County libraries offer e-book services through Axis 360

BROCKWAY — Libraries in Jefferson County are now offering residents a new way to enjoy books through the use of modern technologies, as e-books are now available to be borrowed through the recently implemented Axis 360 platform.

"It's the future, and it's where it's going, and people want them, so we need to have them," said Leslie Barr, assistant director of the Mengle Memorial Library in Brockway, which has spearheaded the forays into e-book services in Jefferson County.

Axis 360 is an online platform libraries use to help people borrow free e-books via download. First, the library or the system to which the library belongs will purchase a number of e-books that patrons of the library can then download from their home computer or using the Internet in the library.

Darlene Marshall, Jefferson County Library System Administrator, said that it works in much the same way as the physical books — the library pays for them and then loans them out for free to residents.

The only difference is the platform.

Axis 360 marks what is the first time Jefferson County libraries have offered e-books. Close to the same time Axis 360 was purchased, the district to which Mengle Memorial Library belongs also bought into a similar program called Overdrive, which is a competitor with Axis 360 that provides much of the same service. They launched within about a month of each other.

Barr said part of the move to e-books was prompted by her, as she loves gadgets and technology and has done a lot of work in that regard at Mengle.

However, she said that, beyond that, the time was just right.

"It seemed about time," Barr said. "There were a lot of people coming in. The demand was apparent, and we wanted to help people out."

Marshall said that Axis 360 was chosen because she went to a training and found that Axis 360 would be more cost-effective for Mengle, which is buying the Axis 360 platform and purchasing books through it under the Jefferson County Library System, than purchasing e-books on Overdrive.

Barr explained that this is due to the differences between a library purchasing an e-book and a person doing the same.

The library is charged a yearly maintenance fee for the platform itself. Some platforms also have a yearly buy-in requirement, mandating that a certain amount be spent on books per year.

Axis 360 allows for the purchase of books as wanted and as it can be afforded, so it was chosen to provide the service for the county.

The district currently provides services through Overdrive, but the county libraries will be using Axis 360.

"It's like Walmart and K-Mart. You can get the same stuff at both of them. It's just that the setup is a little different," Barr said on the differences between the two.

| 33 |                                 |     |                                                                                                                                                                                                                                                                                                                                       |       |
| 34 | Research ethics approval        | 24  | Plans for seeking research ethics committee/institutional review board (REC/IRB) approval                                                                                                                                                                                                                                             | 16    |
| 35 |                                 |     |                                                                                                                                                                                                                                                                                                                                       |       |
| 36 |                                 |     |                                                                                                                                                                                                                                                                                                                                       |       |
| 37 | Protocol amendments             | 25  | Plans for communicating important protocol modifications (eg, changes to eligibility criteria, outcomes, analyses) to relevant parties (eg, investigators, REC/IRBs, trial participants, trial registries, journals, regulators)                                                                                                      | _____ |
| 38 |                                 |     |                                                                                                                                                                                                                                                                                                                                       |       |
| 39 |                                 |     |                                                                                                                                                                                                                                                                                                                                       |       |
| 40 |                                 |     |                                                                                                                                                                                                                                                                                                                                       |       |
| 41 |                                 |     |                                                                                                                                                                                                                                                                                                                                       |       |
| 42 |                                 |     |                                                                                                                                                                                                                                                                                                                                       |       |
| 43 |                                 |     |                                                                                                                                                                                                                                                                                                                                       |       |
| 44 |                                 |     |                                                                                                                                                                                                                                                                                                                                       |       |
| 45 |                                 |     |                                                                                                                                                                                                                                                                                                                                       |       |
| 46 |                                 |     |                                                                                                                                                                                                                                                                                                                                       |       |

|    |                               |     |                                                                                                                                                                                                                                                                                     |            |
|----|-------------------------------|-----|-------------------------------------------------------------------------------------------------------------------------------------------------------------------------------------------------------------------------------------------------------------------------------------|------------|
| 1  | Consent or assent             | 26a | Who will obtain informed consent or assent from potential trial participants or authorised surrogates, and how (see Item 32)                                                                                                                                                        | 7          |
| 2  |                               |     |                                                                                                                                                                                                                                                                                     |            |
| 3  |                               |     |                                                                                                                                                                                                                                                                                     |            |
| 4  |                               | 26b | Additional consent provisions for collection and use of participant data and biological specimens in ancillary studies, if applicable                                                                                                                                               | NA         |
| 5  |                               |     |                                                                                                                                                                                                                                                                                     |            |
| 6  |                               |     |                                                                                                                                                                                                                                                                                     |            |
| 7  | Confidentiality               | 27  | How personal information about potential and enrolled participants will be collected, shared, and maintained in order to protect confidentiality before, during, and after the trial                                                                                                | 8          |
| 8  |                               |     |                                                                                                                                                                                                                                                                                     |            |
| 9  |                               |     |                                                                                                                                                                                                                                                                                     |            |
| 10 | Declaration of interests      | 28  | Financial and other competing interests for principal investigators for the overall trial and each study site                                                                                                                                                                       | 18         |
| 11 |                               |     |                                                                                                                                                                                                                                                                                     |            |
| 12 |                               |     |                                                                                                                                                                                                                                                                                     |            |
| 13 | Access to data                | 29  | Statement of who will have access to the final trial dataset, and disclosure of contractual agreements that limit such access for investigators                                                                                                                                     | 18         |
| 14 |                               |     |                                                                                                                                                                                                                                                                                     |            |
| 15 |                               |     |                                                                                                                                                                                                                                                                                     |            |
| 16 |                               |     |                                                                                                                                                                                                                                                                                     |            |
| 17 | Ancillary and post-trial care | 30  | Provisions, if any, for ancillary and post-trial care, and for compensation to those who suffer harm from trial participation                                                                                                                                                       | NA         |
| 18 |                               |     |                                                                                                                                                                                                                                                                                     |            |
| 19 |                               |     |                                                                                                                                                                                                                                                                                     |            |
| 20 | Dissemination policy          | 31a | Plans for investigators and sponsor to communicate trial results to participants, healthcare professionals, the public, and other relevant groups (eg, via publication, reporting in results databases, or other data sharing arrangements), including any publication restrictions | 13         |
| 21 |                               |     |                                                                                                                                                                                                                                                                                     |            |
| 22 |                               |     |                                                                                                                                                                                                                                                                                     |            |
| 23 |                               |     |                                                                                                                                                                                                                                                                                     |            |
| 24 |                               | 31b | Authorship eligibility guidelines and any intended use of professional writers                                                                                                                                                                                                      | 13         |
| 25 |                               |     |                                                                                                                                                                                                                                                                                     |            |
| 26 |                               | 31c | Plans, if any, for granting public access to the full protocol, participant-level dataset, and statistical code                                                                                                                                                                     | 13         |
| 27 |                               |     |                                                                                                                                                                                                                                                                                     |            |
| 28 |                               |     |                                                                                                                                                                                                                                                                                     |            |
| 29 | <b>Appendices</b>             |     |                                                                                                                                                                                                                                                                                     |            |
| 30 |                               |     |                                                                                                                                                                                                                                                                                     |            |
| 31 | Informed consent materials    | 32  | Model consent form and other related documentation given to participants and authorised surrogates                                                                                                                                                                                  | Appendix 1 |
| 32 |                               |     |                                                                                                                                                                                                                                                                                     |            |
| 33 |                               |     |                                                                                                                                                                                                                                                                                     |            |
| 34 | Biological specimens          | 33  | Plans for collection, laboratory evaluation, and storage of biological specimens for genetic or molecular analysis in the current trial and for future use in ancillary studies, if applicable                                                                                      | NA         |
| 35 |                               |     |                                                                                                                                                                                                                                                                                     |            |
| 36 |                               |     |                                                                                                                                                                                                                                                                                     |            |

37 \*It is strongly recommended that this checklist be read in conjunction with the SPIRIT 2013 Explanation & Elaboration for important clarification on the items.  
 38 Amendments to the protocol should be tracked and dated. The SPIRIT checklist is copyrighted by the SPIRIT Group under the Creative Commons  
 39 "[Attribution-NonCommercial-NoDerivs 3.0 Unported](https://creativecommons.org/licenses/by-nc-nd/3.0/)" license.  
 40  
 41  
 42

Axis 360 employs a software called Blio, which Marshall said was another reason they wanted to use it, as Blio makes Axis 360 more compatible with handicapped people.

Barr said that it's ADA compliant and that any book that is downloaded can be turned into an audiobook, making the service helpful to people who are vision impaired.

Blio also helps the books look better on the screen all around.

"It's bright. It's in technicolor," Barr said. "Picture books do really well on it ... It looks wonderful on the iPads, the Kindle Fires, anything with a bright screen. It comes up really well."

First-time users will have to download Blio. It's a one-time installation and is downloaded as an app on iPad, smart phones and Kindle Fires and through the computer on Nooks or e-readers.

It's a free download and doesn't take up much room on a computer's memory. Blio and the e-books themselves can also be downloaded to laptop and desktop computers for those willing to sit in front of them and read.

Using Axis 360 requires that one have a library card with any of the libraries in the county.

To start, go to A button on the lower right, labeled "download e-books," will begin the process.

Then, click on Axis 360, which will take you to what is called the "Magic Wallet," containing the selection of books.

Users can then browse for the book they want. When they find it, they need only to click on it, select "check out now," enter their library card number and PIN and click "login."

"It's become very easy to download e-books," Barr said.

The PIN number is automatically assigned by the library and is based on the last four digits of the person's telephone number as listed in